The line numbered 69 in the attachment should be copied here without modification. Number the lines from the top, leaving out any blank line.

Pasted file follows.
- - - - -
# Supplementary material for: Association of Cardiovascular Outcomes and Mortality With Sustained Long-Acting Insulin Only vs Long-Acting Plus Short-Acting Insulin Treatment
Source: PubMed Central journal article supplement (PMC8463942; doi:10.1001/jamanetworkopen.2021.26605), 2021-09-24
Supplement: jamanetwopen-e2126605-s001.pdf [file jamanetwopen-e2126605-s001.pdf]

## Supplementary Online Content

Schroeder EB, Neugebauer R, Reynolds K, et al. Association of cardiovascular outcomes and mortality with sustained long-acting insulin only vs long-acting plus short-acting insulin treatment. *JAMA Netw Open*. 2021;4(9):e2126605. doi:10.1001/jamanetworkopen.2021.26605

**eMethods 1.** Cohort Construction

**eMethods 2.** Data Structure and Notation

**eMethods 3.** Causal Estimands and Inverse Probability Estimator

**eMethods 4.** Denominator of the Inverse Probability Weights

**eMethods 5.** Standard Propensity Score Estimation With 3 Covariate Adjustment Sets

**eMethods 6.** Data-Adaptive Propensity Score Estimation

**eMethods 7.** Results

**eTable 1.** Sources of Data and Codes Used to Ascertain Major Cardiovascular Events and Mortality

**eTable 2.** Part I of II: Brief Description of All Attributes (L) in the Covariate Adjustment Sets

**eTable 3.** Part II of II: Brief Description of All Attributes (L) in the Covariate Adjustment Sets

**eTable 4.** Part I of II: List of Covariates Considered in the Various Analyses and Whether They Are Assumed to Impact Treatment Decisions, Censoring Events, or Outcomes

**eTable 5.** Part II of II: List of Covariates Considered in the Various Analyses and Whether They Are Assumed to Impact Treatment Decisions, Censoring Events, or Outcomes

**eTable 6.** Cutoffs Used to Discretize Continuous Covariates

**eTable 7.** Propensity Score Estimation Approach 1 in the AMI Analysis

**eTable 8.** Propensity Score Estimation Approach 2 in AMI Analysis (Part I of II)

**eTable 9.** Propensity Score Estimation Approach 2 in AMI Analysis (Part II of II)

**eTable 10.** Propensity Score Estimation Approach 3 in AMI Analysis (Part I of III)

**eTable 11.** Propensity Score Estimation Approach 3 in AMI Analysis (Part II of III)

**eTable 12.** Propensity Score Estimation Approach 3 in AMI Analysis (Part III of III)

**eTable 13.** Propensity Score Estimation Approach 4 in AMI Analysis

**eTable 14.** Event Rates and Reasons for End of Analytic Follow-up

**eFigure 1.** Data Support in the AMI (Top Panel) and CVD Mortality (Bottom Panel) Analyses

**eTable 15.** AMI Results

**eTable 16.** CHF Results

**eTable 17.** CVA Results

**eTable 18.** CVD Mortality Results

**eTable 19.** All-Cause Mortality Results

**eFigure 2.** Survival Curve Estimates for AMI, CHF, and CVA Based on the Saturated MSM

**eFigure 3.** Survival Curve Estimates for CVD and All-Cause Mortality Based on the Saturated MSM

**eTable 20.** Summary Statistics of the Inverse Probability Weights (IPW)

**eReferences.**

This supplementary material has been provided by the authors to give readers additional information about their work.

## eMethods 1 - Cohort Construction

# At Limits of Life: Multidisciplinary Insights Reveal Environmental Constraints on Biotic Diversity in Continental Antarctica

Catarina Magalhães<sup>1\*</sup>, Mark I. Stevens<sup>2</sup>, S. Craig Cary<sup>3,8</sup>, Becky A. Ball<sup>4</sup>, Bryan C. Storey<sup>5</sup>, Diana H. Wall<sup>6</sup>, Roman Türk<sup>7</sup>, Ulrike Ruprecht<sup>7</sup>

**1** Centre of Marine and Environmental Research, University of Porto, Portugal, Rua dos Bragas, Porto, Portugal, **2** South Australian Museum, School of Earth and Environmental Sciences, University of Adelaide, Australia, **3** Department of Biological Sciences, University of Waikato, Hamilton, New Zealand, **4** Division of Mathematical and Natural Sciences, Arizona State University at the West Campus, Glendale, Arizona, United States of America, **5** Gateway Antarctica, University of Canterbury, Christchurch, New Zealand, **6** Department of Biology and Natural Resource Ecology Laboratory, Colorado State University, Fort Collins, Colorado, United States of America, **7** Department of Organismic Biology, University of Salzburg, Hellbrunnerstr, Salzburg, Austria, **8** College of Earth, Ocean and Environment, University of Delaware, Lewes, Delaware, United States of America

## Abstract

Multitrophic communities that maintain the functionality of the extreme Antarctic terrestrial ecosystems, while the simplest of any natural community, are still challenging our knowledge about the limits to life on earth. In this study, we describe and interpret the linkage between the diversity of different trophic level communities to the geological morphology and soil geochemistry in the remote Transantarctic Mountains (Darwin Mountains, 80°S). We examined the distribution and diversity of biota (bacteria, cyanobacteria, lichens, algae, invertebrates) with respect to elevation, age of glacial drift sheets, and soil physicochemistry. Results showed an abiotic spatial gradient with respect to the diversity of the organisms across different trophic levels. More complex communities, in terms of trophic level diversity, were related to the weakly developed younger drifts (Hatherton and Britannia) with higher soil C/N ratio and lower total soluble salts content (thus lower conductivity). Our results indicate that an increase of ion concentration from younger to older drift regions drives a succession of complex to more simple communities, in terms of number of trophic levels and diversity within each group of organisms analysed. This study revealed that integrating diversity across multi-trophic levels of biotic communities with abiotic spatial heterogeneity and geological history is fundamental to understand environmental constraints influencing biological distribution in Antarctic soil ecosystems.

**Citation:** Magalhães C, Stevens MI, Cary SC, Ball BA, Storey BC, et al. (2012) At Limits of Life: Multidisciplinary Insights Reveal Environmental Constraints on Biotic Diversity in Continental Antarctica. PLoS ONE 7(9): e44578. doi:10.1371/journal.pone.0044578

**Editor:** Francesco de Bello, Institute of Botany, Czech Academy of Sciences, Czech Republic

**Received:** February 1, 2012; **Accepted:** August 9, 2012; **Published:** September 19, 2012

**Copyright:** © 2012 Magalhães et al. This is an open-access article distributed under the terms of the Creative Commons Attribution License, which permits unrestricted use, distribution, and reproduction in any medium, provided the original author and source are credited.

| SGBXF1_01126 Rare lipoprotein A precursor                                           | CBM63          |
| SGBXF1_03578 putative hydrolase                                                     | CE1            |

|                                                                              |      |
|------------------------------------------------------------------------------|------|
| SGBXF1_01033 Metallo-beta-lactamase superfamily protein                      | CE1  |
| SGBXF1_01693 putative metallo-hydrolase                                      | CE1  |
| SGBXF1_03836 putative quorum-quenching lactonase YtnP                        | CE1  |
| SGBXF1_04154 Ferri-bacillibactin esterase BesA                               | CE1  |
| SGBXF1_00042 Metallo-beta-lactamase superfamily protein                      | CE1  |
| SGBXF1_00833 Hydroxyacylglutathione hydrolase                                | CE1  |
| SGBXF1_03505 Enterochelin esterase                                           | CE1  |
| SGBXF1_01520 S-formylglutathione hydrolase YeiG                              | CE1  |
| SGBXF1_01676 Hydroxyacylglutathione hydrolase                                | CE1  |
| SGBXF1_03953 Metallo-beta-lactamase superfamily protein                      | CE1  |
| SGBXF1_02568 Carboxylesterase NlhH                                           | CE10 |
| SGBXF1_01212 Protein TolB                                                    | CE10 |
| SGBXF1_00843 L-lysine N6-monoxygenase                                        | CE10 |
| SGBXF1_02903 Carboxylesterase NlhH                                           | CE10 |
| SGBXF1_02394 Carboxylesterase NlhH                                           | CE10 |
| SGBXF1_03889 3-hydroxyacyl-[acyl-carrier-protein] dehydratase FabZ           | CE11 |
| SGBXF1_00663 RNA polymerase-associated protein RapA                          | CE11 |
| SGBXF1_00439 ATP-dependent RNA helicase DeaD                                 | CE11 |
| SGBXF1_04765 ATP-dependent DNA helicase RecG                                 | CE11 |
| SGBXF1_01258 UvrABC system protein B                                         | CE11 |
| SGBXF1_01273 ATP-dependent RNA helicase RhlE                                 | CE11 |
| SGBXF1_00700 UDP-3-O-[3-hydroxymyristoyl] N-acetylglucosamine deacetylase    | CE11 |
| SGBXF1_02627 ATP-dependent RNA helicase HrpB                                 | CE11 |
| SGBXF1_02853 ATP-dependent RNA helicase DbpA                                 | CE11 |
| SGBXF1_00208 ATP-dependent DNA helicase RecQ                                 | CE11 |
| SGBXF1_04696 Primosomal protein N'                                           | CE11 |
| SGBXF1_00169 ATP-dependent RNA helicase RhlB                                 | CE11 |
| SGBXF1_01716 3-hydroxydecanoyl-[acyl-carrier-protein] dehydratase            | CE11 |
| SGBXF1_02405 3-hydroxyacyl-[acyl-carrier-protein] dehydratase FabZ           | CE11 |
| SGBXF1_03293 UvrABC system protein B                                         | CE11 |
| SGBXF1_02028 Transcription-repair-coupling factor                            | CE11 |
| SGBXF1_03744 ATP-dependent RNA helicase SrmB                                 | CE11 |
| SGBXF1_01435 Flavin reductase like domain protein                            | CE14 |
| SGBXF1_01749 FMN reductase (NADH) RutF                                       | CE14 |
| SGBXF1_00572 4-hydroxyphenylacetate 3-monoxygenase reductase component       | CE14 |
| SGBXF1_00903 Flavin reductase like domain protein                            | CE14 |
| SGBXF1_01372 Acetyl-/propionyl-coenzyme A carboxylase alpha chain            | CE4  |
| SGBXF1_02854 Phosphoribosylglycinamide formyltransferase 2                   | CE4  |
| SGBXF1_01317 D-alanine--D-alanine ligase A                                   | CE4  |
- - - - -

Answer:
| SGBXF1_00439 ATP-dependent RNA helicase DeaD                                 | CE11 |